Visual recognition (or computer vision) is the most established field within deep learning and also the best way to learn about it. During this 2-day course, you will learn to implement, train and debug your own neural networks and gain a detailed understanding of neural network architectures and insight into cutting-edge research in deep learning.
The hands-on programming exercises will involve setting up computer vision problems, like:
At the end of the course we will discuss how to apply deep learning for other data types, like text, speech, and tabular data.
Participants will be reading and writing code in Python. Basic programming skills are required, but not necessarily familiarity with Python. No prior knowledge about machine learning is required and only basic skills in mathematics are required.
The course covers deep learning theory but focuses primarily on being able to use the techniques and offers hands-on training under expert guidance. You can ask about everything from how to start to when you are stuck. And the best part is that after taking the course you will be able to continue using deep learning at work.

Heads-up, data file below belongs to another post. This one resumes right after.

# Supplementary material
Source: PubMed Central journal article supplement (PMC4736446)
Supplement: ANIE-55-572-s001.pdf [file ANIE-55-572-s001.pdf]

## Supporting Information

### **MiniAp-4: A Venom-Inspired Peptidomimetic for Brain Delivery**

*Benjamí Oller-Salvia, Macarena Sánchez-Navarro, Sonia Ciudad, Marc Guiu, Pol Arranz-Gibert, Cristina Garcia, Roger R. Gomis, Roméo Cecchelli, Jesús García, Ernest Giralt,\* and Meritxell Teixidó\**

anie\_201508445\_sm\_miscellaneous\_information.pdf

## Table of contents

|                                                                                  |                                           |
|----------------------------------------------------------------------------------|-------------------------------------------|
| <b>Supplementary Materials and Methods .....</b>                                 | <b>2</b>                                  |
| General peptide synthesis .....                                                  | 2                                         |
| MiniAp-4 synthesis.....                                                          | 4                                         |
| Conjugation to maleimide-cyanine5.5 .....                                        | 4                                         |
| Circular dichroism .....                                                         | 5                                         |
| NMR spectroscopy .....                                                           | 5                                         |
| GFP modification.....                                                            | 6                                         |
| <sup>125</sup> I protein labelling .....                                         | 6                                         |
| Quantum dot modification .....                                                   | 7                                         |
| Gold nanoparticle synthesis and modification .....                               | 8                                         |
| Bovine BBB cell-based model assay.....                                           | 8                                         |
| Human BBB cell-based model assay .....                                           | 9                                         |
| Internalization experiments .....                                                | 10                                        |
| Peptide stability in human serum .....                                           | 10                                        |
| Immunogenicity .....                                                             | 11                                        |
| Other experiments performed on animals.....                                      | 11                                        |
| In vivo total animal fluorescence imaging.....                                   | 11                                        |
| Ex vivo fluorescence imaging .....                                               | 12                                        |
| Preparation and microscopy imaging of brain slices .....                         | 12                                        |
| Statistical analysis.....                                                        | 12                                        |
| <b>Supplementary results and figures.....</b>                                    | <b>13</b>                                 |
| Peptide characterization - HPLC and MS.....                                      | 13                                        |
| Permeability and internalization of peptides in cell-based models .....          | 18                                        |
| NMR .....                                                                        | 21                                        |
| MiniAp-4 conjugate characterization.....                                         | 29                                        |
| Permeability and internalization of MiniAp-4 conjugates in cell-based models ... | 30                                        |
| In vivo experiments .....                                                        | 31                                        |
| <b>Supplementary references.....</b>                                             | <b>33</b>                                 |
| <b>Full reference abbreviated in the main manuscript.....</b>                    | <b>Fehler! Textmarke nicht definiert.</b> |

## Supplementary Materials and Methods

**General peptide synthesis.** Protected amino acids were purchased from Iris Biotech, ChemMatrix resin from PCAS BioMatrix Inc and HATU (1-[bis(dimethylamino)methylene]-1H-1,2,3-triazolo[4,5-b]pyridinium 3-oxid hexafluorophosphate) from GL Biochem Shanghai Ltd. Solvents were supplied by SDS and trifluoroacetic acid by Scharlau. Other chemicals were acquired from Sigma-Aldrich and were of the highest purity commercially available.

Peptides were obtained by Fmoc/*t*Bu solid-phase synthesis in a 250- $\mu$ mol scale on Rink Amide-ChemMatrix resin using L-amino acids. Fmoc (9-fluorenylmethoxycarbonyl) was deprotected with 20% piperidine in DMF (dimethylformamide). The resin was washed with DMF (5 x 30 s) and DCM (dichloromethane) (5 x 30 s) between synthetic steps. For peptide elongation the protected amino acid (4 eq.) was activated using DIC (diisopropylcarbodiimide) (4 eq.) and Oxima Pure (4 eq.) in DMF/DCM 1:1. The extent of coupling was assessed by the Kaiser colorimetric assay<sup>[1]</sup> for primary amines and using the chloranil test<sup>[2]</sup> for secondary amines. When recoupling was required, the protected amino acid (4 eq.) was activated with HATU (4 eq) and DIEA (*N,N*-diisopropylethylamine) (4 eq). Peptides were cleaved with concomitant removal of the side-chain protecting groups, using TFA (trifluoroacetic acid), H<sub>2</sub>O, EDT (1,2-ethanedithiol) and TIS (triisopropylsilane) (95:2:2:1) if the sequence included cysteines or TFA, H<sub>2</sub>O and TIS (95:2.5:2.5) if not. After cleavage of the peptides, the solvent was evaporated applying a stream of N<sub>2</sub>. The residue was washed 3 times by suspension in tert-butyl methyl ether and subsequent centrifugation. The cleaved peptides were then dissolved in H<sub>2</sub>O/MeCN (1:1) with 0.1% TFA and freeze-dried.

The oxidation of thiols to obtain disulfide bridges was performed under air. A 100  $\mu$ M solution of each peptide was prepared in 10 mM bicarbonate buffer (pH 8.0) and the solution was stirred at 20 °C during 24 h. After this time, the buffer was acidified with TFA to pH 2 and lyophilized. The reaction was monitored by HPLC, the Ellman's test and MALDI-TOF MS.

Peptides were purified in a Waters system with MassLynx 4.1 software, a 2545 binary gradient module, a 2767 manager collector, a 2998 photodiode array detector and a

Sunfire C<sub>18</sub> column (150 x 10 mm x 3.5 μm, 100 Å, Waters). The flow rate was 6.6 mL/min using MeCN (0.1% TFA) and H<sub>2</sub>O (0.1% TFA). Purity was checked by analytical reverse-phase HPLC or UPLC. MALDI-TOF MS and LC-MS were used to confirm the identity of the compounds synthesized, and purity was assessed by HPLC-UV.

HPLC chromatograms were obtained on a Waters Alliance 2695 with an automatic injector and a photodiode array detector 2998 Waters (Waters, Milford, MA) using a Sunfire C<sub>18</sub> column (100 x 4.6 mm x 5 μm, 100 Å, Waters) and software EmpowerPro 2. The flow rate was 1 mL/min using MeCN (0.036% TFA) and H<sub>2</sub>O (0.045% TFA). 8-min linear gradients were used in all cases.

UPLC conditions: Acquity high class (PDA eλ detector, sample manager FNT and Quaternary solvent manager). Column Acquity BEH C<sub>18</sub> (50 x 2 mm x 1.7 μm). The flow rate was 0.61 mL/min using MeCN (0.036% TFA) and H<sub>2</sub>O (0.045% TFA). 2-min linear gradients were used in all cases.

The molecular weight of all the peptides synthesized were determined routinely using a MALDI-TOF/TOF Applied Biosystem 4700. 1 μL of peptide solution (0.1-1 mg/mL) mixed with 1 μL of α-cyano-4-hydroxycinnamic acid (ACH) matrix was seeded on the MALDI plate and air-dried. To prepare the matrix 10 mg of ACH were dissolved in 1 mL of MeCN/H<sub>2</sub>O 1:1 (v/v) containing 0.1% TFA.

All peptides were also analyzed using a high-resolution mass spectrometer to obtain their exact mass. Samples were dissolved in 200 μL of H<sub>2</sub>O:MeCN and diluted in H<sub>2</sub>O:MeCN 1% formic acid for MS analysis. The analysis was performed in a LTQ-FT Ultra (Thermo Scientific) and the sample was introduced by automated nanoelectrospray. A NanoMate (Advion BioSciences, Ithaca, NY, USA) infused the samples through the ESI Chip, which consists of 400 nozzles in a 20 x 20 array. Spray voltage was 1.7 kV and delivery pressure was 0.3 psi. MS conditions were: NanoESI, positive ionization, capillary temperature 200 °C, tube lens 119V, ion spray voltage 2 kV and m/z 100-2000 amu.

You should either have or be willing to create a Google (i.e., gmail) account, preferably before attending the course.
Also, you will get the most out of the course if you brush up in advance on:
You are expected to bring your own laptop to the course.
There are no hardware requirements (like GPU), and you don’t need to install any special software. All you need is an internet browser (ideally Google Chrome).
There are no hand-ins or anything like that, but you can consult the teacher after the course in case you need help setting up your own projects.
Henrik Pedersen (PhD) is Head of Visual Computing Lab at the Alexandra Institute and lecturer at the Department of Computer Science, Aarhus University (AU), where he teaches the full-semester course, “Deep Learning for Visual Recognition”. Over his career, Henrik has been in various academic positions, covering research and teaching in computer vision and deep learning. He is an experienced educator and has played a key role in building up the vibrant deep learning community at both the Alexandra Institute and AU’s computer science department.